The sonic improvements, allegedly transient speed and separation of the image, is subjective. I heard it between the Devialet Le250 and 250 Pro models, with improved filters, but there may have been other things going on.

    Whilst the impact of filters are easy to measure, whether they make an audible difference is an argument that will rumble on indefinitely.

    1. Steven, It is an FPGA ( not FGPA ) which is a Field Programmable Gate Array. Xilinx is the largest maker of these chips ( Xilinx is about to be acquired by AMD ) and their Spartan6 chip is widely used in all kinds applications ( auto, audio, video, etc. ) It is very inexpensive ( decade old 45 nm silicon technology ). A basic module in a quad flat pack will set you back $20, a higher performance one in a PBGA ( plastic ball grid array ) is about $170.

      What is expensive is developing the program for the FPGA. That is where all the innovation is. Right now, unfortunately FPGA’s are being hit by the same supply chain problems that almost all chips are having. This is hitting the automotive industry very hard.

      1. I struggle with acronyms longer than 3 letters, except for CAIOKSSFMOP, which I made up 44 years ago to remember the Citric Acid Cycle. Of course Richard of York gained battle in vain is always handy.

        I am aware of the car-chip issue as Nissan keep on emailing me to ask if they can buy my old banger. They are scraping the bottom of the barrel if they need my car to meet demand.

        What is admirable is that the Chord Mojo2 is the same price as the Mojo I bought 5 or 6 years ago, the price of FPGA chips notwithstanding.

  3. As a side note it is interesting to observe, that e.g. regarding record players or even amps, we come from a generally flawed starting point. Measures to improve the sound are taken against very few basic well known and accepted culprits, more or less only “resonances” when we look for example at record players.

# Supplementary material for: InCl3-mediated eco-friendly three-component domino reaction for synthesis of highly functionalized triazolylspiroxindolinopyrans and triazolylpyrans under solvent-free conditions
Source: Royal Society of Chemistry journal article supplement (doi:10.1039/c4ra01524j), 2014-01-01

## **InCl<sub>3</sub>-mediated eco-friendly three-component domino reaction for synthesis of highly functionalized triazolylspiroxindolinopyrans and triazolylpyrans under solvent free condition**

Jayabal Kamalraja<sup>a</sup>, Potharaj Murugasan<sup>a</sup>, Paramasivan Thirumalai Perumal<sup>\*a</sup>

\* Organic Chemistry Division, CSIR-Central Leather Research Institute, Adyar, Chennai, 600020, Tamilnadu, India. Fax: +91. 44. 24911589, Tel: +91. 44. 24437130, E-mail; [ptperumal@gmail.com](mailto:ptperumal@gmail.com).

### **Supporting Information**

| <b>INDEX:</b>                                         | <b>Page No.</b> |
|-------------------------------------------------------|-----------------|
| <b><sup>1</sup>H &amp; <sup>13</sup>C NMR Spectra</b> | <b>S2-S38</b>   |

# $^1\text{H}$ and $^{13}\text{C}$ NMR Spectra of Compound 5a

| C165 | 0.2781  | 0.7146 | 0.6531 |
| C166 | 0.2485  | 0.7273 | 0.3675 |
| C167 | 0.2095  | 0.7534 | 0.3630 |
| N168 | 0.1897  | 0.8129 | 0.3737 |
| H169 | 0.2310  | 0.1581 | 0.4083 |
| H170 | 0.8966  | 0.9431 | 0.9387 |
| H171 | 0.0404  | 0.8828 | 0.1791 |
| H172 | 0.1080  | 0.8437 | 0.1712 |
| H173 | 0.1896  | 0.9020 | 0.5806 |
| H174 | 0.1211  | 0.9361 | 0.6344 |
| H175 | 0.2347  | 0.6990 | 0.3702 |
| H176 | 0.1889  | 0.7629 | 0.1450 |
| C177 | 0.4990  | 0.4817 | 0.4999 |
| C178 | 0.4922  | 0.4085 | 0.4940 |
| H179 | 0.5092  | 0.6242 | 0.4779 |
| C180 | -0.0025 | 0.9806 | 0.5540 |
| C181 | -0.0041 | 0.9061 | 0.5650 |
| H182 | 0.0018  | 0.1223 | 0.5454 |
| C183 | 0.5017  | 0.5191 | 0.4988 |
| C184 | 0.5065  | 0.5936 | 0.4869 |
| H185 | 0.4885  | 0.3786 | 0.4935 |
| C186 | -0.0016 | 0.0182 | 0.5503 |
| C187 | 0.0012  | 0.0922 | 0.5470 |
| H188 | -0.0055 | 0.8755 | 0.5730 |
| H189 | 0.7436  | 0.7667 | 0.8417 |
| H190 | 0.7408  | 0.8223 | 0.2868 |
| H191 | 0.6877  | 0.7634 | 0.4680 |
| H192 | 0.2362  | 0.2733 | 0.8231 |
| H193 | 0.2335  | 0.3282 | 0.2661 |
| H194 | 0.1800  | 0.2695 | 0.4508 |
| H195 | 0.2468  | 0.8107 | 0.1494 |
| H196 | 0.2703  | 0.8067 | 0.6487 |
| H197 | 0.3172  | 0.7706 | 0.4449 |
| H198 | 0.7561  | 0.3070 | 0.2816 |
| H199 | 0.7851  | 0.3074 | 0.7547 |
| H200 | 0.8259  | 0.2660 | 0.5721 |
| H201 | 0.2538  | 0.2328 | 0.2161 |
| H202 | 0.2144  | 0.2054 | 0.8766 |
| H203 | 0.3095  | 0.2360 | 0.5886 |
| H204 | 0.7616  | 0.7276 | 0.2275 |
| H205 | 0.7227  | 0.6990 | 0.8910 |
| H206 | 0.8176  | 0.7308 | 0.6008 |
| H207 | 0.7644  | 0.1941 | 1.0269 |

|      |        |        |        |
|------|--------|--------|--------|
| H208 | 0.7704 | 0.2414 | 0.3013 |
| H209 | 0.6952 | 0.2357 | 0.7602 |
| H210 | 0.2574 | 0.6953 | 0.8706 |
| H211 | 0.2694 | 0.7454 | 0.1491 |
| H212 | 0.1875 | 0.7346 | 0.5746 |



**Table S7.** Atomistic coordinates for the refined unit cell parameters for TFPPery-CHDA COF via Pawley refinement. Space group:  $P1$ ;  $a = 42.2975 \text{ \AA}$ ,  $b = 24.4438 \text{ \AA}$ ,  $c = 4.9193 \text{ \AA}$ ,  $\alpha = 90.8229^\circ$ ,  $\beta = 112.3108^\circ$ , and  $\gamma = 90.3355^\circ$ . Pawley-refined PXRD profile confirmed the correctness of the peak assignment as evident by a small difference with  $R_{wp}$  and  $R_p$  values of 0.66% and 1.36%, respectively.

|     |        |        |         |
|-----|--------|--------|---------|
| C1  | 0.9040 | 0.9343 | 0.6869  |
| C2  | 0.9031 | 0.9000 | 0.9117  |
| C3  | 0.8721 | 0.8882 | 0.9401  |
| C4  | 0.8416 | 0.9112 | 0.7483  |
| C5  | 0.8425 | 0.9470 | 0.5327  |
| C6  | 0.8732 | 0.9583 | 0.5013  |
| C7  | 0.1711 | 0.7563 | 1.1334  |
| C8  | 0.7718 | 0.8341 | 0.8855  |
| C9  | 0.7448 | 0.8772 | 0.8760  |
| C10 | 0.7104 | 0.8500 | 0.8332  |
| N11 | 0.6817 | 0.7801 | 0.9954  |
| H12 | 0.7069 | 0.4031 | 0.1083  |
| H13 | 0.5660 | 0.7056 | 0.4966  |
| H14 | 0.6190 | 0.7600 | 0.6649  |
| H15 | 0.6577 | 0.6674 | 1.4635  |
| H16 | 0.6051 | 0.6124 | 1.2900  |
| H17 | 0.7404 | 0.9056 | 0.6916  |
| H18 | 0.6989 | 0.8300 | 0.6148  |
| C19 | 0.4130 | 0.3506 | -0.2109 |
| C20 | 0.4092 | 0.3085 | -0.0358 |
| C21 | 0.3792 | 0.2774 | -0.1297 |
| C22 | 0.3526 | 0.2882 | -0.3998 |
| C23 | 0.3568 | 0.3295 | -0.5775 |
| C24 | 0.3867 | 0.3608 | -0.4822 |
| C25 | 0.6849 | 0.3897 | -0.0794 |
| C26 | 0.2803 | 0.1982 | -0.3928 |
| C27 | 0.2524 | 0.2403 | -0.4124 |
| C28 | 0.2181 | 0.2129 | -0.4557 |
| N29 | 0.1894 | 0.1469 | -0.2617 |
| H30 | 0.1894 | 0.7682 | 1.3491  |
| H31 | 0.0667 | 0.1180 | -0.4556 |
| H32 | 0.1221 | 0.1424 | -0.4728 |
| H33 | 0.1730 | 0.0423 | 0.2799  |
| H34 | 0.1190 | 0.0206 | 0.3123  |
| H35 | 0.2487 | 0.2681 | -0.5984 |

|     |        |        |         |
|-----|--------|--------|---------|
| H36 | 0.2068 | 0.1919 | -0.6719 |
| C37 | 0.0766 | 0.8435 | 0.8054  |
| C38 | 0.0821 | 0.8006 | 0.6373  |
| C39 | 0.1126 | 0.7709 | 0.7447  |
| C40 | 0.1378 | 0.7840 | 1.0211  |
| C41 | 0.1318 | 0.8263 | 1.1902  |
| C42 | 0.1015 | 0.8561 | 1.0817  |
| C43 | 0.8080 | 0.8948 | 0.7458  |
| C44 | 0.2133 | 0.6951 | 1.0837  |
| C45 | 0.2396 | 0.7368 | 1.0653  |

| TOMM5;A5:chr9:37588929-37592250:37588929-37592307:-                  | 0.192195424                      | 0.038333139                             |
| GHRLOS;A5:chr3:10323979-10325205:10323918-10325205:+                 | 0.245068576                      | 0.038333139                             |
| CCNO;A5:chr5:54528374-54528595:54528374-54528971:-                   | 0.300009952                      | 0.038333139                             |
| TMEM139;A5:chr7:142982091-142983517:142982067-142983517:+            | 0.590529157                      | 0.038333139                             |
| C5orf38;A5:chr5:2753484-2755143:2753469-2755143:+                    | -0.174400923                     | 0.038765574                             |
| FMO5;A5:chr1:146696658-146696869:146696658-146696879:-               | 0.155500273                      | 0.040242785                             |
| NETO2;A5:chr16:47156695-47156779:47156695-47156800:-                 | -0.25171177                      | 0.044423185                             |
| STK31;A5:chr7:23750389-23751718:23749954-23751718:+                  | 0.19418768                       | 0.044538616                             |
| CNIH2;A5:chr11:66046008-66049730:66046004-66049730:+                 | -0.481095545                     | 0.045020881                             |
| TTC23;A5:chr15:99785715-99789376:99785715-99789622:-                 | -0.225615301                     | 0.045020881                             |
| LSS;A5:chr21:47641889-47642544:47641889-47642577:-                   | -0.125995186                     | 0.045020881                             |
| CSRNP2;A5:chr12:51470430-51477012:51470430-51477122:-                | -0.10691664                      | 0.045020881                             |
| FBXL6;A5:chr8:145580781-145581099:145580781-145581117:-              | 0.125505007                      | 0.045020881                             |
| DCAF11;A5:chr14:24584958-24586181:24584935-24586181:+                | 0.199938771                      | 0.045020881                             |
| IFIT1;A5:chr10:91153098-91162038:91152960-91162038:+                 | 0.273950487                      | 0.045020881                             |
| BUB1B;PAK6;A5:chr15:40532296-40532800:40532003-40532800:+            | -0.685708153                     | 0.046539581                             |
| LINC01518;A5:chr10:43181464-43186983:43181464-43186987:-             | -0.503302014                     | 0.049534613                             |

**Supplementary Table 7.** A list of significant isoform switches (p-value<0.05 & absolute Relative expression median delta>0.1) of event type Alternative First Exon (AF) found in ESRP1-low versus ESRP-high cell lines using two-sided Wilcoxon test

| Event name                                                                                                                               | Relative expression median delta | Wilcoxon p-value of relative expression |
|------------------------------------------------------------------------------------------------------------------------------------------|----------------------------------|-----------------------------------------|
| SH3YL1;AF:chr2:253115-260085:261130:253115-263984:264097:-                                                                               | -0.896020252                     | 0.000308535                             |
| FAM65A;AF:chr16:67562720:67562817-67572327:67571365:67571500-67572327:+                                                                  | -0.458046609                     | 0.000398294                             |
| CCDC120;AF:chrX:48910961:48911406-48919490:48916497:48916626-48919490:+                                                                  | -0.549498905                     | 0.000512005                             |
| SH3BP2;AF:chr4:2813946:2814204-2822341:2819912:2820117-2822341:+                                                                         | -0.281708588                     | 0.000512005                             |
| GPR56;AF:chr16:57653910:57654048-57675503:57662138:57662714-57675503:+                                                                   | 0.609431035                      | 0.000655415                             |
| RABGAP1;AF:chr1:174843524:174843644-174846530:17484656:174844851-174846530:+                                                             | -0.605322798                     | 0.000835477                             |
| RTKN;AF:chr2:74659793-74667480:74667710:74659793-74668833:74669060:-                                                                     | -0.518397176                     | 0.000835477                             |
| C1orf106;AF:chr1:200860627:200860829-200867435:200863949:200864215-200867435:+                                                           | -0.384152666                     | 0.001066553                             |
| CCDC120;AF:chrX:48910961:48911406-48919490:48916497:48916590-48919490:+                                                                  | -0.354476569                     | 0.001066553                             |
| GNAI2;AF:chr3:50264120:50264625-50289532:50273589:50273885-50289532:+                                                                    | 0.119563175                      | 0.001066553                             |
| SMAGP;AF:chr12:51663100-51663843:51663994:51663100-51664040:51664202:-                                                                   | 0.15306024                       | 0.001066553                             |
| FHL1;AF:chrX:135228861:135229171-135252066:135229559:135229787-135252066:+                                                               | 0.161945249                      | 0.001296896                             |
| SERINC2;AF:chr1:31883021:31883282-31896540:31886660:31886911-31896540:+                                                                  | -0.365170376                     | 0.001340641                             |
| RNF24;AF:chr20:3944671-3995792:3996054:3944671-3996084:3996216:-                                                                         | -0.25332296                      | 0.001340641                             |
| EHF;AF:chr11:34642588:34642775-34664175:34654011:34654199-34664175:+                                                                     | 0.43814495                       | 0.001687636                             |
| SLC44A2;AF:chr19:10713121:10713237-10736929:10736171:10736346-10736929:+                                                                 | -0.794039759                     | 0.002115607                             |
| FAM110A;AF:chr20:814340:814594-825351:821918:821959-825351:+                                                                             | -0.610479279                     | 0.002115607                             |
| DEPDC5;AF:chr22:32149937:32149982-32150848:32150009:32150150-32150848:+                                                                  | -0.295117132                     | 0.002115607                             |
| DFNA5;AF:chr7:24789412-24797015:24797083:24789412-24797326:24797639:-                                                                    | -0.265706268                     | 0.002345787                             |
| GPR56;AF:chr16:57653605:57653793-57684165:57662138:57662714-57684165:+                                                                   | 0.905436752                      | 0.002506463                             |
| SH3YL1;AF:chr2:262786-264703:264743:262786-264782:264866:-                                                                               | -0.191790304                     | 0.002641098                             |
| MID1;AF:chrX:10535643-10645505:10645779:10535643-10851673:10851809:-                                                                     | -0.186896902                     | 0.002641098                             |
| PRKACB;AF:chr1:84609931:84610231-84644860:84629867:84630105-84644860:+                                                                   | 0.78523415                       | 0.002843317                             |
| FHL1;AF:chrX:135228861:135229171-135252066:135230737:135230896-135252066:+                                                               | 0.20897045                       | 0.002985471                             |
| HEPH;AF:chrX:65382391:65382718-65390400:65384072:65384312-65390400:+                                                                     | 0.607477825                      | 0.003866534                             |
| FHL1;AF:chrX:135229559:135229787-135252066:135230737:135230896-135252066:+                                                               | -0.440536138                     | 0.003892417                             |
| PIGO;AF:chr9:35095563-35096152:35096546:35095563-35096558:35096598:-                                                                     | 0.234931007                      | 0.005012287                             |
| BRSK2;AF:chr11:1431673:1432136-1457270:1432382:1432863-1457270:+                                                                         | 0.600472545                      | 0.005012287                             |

In digital technology we come from a thinking that we have a more or less flawless concept as a starting point, which up to now is a basis in argumentation, it just didn’t sound like that for a long time. Many measures like the one mentioned today, improved its sound over the years and still do.

    My impression is, it would help to understand what makes this theoretically accurate concept flawed, when we understand what except noise/jitter are the culprits or weak points we work against in digital while improving it since decades.

    The picture, that with digital, we have an accurate and lossless concept since its invention while we communicate more or less trailblazing improvements in regular intervals, seems to lack a certain logic.

    1. The thing is, upsampling can be done with software, but it needs a pretty powerful desktop computer. So higher native sample rates come at a cost of more electrical noise. Plus you need a computer in your system, which I don’t have, never have and never will.

      My experience is electrical noise is the biggest problem for digital audio, but then my unit does A/D and D/A conversion on analogue inputs as well. At least with analogue sources the hardware is primarily concerned with internal noise, that it can control, rather than external noise, which it cannot control, but can address.

      It gets so complex and convoluted, that ultimately, as has has largely prevailed, it will be up to manufacturers to decide what theory works in practise and for consumers to use their ears and wallets to decide what matters.

  4. People in the Southern part of the US must innately know this Paul. Having lived my first 60 years in California, it is clear to me now that we’ve left that wasteland of a society that Southerners stand ready and willing to take advantage of that fine feeling of helping someone else.

    1. Champster, Having lived the first 35 years in the midwest and now ( for about 35 years ) 30 miles north of NYC I get what you mean. I do worry that I have become so disgusted with NYC in recent years where I see only its dark side ( drugs, gangs, violence, danger ) when I use to see mostly its glamorous side ( incredible art, music, food, architecture, etc. ). I worry that the pandemic has turned me dark.